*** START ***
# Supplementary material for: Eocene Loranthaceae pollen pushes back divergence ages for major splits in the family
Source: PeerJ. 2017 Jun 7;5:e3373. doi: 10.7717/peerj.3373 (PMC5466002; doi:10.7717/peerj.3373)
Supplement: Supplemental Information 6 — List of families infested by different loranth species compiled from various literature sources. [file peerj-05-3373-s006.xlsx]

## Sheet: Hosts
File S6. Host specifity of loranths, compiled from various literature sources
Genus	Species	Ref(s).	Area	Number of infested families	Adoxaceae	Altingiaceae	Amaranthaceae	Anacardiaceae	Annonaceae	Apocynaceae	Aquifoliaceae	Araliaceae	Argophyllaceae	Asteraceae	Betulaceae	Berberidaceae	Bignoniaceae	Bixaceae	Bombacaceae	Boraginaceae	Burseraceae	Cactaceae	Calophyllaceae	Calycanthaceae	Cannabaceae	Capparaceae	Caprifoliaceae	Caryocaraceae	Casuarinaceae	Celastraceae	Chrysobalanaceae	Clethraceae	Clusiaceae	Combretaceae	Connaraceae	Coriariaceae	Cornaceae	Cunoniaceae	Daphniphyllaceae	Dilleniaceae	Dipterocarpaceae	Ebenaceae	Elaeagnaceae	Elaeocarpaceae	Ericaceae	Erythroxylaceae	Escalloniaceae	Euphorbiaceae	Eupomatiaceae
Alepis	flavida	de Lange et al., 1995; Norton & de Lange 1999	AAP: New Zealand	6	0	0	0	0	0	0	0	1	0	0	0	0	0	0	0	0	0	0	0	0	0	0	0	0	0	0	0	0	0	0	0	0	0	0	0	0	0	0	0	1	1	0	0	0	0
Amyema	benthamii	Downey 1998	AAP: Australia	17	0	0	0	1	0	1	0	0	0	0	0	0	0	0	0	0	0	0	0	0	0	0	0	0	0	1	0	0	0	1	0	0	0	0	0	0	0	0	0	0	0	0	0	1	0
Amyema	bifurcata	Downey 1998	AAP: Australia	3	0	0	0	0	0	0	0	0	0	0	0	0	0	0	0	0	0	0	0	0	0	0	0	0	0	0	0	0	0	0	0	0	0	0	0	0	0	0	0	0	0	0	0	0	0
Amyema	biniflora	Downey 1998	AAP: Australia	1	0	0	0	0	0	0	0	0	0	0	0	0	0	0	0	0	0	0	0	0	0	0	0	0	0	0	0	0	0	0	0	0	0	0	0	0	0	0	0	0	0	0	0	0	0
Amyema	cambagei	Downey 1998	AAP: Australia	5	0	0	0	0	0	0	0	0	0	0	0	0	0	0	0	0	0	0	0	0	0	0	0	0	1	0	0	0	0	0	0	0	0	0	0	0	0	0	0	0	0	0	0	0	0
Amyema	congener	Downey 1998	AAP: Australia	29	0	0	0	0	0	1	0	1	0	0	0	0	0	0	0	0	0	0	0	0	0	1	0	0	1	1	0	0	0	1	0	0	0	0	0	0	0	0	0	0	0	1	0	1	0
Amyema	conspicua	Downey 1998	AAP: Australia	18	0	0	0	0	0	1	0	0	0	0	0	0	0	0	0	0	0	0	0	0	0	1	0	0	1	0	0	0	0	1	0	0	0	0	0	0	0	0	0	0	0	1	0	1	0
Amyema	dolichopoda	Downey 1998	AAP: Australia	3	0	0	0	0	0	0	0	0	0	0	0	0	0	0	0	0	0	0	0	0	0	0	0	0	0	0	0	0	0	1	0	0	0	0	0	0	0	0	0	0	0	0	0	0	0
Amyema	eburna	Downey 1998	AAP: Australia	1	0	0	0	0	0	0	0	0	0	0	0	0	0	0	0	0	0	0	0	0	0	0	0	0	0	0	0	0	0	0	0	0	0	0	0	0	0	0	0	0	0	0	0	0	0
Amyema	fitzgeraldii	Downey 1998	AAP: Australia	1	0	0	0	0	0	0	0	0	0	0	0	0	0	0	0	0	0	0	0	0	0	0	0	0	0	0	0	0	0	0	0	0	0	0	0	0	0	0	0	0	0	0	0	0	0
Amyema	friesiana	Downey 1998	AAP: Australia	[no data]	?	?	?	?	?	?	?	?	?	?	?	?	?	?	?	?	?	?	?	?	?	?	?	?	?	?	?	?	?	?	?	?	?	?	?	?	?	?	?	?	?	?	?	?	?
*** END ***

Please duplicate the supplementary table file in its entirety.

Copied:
# Supplementary material for: Eocene Loranthaceae pollen pushes back divergence ages for major splits in the family
Source: PeerJ. 2017 Jun 7;5:e3373. doi: 10.7717/peerj.3373 (PMC5466002; doi:10.7717/peerj.3373)
Supplement: Supplemental Information 6 — List of families infested by different loranth species compiled from various literature sources. [file peerj-05-3373-s006.xlsx]

## Sheet: Hosts
File S6. Host specifity of loranths, compiled from various literature sources
Genus	Species	Ref(s).	Area	Number of infested families	Adoxaceae	Altingiaceae	Amaranthaceae	Anacardiaceae	Annonaceae	Apocynaceae	Aquifoliaceae	Araliaceae	Argophyllaceae	Asteraceae	Betulaceae	Berberidaceae	Bignoniaceae	Bixaceae	Bombacaceae	Boraginaceae	Burseraceae	Cactaceae	Calophyllaceae	Calycanthaceae	Cannabaceae	Capparaceae	Caprifoliaceae	Caryocaraceae	Casuarinaceae	Celastraceae	Chrysobalanaceae	Clethraceae	Clusiaceae	Combretaceae	Connaraceae	Coriariaceae	Cornaceae	Cunoniaceae	Daphniphyllaceae	Dilleniaceae	Dipterocarpaceae	Ebenaceae	Elaeagnaceae	Elaeocarpaceae	Ericaceae	Erythroxylaceae	Escalloniaceae	Euphorbiaceae	Eupomatiaceae
Alepis	flavida	de Lange et al., 1995; Norton & de Lange 1999	AAP: New Zealand	6	0	0	0	0	0	0	0	1	0	0	0	0	0	0	0	0	0	0	0	0	0	0	0	0	0	0	0	0	0	0	0	0	0	0	0	0	0	0	0	1	1	0	0	0	0
Amyema	benthamii	Downey 1998	AAP: Australia	17	0	0	0	1	0	1	0	0	0	0	0	0	0	0	0	0	0	0	0	0	0	0	0	0	0	1	0	0	0	1	0	0	0	0	0	0	0	0	0	0	0	0	0	1	0
Amyema	bifurcata	Downey 1998	AAP: Australia	3	0	0	0	0	0	0	0	0	0	0	0	0	0	0	0	0	0	0	0	0	0	0	0	0	0	0	0	0	0	0	0	0	0	0	0	0	0	0	0	0	0	0	0	0	0
Amyema	biniflora	Downey 1998	AAP: Australia	1	0	0	0	0	0	0	0	0	0	0	0	0	0	0	0	0	0	0	0	0	0	0	0	0	0	0	0	0	0	0	0	0	0	0	0	0	0	0	0	0	0	0	0	0	0
Amyema	cambagei	Downey 1998	AAP: Australia	5	0	0	0	0	0	0	0	0	0	0	0	0	0	0	0	0	0	0	0	0	0	0	0	0	1	0	0	0	0	0	0	0	0	0	0	0	0	0	0	0	0	0	0	0	0
Amyema	congener	Downey 1998	AAP: Australia	29	0	0	0	0	0	1	0	1	0	0	0	0	0	0	0	0	0	0	0	0	0	1	0	0	1	1	0	0	0	1	0	0	0	0	0	0	0	0	0	0	0	1	0	1	0
Amyema	conspicua	Downey 1998	AAP: Australia	18	0	0	0	0	0	1	0	0	0	0	0	0	0	0	0	0	0	0	0	0	0	1	0	0	1	0	0	0	0	1	0	0	0	0	0	0	0	0	0	0	0	1	0	1	0
Amyema	dolichopoda	Downey 1998	AAP: Australia	3	0	0	0	0	0	0	0	0	0	0	0	0	0	0	0	0	0	0	0	0	0	0	0	0	0	0	0	0	0	1	0	0	0	0	0	0	0	0	0	0	0	0	0	0	0
Amyema	eburna	Downey 1998	AAP: Australia	1	0	0	0	0	0	0	0	0	0	0	0	0	0	0	0	0	0	0	0	0	0	0	0	0	0	0	0	0	0	0	0	0	0	0	0	0	0	0	0	0	0	0	0	0	0
Amyema	fitzgeraldii	Downey 1998	AAP: Australia	1	0	0	0	0	0	0	0	0	0	0	0	0	0	0	0	0	0	0	0	0	0	0	0	0	0	0	0	0	0	0	0	0	0	0	0	0	0	0	0	0	0	0	0	0	0
Amyema	friesiana	Downey 1998	AAP: Australia	[no data]	?	?	?	?	?	?	?	?	?	?	?	?	?	?	?	?	?	?	?	?	?	?	?	?	?	?	?	?	?	?	?	?	?	?	?	?	?	?	?	?	?	?	?	?	?